Interestingly enough, the first time we meet Gatsby he is an anonymous figure. Nick has a very easy and comfortable conversation with Gatsby before realizing who he is. Nick has all of these pre-conceptions of Gatsby, but in this moment Nick does not act on them since he is talking to an unknown figure. The person Nick is talking to is merely a person, no one of any real importance. In a way, Gatsby becomes more human when he is not named. Anonymity becomes a restorative process for Gatsby in this moment, a kind of cleansing that allows him to be himself around Nick. It goes back to the relationship between truth and anonymity. By this point in the narrative Nick has heard many different rumors about Gatsby, some of them negative. However, when it is revealed who Gatsby is after this anonymous moment, it is as if those negative thoughts are erased and Nick is given the opportunity to see Gatsby’s true self without consequence.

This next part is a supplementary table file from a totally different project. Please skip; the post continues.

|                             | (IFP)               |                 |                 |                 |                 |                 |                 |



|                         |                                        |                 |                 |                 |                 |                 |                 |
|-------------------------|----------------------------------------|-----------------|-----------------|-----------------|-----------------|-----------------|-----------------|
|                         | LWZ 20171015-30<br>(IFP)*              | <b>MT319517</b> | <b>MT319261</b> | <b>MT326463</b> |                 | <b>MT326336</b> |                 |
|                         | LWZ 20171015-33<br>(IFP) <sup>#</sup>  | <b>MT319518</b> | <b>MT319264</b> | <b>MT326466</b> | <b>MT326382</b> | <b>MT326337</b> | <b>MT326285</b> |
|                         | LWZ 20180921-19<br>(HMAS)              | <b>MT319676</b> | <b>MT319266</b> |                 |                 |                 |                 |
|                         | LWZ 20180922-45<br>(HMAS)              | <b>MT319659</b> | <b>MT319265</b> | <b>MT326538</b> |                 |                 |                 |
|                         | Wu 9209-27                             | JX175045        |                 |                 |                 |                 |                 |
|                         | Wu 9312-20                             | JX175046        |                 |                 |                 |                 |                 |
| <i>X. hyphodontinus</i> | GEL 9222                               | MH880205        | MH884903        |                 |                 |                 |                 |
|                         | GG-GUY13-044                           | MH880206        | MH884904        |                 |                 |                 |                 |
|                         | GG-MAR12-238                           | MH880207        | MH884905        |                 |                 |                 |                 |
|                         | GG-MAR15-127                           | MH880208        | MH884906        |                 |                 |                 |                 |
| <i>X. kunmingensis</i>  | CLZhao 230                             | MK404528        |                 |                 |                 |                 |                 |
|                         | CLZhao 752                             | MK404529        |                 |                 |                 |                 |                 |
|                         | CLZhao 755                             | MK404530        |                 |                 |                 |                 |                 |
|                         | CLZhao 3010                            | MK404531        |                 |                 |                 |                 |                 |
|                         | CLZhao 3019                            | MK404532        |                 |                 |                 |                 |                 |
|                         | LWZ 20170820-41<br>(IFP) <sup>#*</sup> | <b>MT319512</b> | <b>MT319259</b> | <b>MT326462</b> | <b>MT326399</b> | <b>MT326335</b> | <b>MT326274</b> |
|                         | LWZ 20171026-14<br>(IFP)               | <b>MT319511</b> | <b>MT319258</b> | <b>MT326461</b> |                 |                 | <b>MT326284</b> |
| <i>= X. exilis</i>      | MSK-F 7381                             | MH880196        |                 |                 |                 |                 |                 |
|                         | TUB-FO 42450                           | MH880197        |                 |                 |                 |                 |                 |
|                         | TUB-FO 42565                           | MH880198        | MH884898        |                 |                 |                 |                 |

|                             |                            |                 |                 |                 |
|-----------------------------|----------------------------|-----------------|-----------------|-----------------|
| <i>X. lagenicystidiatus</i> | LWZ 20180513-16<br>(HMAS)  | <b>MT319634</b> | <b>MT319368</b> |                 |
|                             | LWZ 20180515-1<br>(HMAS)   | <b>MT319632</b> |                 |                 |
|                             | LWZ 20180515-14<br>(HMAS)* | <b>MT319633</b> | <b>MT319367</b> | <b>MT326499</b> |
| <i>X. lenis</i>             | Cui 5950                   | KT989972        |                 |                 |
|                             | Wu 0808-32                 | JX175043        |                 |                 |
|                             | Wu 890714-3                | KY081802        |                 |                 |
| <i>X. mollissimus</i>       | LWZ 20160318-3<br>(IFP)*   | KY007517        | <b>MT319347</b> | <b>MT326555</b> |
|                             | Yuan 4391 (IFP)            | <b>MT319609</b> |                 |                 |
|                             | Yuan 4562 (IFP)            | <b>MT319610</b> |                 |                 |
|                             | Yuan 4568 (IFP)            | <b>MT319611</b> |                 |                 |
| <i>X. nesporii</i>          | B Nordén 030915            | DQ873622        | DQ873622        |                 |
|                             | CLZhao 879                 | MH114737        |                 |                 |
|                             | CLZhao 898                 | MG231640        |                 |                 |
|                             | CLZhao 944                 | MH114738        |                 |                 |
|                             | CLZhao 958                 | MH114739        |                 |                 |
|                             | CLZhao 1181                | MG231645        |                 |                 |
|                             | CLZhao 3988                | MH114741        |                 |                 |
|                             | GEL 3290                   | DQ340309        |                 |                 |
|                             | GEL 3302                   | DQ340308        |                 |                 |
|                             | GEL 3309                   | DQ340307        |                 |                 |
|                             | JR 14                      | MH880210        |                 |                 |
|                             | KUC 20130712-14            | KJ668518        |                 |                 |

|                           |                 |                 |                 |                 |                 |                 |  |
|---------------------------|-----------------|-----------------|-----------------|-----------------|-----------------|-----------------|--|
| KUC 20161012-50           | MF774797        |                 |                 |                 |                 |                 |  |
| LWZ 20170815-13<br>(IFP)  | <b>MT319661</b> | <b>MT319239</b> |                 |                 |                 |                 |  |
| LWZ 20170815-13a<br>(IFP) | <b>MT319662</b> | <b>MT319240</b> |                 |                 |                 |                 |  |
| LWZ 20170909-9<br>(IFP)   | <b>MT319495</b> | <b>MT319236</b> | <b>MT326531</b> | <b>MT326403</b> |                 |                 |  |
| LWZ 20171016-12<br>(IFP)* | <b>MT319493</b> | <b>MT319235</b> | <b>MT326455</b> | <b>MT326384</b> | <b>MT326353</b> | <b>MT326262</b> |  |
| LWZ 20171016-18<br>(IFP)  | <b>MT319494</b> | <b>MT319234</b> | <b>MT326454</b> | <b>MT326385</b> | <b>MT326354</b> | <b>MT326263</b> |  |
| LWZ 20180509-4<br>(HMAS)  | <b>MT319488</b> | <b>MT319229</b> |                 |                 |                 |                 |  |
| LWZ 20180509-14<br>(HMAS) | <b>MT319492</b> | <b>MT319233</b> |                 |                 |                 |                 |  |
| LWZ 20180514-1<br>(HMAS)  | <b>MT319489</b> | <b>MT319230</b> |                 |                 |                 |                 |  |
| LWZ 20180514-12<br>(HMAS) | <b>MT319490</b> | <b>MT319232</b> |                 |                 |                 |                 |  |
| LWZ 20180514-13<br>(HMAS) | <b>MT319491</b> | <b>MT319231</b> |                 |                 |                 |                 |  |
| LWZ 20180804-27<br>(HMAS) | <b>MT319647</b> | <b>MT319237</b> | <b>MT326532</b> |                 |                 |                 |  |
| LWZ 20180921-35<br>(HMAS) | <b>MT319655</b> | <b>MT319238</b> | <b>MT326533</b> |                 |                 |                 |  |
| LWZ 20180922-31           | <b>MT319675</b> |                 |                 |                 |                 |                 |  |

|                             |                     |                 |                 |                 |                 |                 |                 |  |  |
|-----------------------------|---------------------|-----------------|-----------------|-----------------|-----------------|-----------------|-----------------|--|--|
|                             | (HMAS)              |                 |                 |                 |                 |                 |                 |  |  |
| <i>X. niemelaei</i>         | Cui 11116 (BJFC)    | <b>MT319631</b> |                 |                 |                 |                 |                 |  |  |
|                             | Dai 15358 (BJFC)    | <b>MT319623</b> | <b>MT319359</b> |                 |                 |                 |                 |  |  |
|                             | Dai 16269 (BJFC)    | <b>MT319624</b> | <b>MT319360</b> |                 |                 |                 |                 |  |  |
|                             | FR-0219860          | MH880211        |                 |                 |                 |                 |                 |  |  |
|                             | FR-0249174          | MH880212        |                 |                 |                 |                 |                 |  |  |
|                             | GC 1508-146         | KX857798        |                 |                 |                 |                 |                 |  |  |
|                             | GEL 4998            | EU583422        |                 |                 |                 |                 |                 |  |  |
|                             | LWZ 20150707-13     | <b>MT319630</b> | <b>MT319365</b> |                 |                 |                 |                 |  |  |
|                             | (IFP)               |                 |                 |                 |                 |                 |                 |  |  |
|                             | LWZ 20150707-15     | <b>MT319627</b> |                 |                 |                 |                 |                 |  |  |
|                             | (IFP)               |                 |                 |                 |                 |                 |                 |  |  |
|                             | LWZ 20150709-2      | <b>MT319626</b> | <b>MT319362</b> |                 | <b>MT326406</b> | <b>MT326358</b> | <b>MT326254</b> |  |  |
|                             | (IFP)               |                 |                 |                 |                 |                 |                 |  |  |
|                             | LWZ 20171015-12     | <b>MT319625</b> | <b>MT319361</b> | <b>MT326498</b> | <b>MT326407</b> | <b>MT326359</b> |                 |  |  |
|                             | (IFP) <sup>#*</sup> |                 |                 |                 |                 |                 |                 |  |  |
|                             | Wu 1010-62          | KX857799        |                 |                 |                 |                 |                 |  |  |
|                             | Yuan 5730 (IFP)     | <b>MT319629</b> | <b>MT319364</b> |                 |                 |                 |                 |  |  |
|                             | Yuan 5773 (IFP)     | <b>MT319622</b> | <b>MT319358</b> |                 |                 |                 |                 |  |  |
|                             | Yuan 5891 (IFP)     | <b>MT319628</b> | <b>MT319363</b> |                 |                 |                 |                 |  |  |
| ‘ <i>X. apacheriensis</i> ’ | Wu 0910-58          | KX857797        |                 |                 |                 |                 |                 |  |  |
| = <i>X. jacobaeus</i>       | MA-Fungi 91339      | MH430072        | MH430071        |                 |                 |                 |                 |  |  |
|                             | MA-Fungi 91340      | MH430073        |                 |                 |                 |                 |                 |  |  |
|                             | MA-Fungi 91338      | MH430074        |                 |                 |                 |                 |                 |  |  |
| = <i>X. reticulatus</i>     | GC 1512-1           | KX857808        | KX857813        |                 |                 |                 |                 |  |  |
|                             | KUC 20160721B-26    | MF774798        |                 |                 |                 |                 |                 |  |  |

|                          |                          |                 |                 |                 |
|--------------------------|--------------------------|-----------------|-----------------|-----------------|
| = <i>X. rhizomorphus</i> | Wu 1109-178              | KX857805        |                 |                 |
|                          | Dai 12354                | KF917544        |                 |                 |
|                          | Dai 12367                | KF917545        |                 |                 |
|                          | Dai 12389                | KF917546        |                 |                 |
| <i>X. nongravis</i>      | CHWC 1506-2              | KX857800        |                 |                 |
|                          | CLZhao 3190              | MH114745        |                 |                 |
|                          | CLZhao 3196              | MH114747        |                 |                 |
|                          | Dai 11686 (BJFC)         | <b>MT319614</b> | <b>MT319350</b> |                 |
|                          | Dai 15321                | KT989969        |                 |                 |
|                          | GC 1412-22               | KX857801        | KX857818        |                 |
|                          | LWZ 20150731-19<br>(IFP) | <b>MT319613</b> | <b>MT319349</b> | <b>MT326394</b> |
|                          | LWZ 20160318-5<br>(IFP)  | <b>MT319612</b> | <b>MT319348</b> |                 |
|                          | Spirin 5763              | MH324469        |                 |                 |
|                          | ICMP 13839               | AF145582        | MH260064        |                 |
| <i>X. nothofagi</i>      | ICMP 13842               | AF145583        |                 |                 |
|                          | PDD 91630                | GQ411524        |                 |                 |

As Gatsby's introduction continues, we also begin to see how anonymity may be a conscious work in progress for Gatsby. In Nick's description of Gatsby's smile, for example, it is as if Gatsby is making a deliberate effort to turn attention away from himself. Nick describes this smile as something that "understood you just as far as you wanted to be understood, believed in you as you would like to believe in yourself, and assured you that it had precisely the impression of you, that at your best, you hoped to convey" (48). Gatsby's smile is serving as a sort of defense mechanism, not conveying personal details about Gatsby but showing how Gatsby sees you. It is as if the spotlight has now been turned onto the spectator, allowing Gatsby to observe and understand others rather than be observed.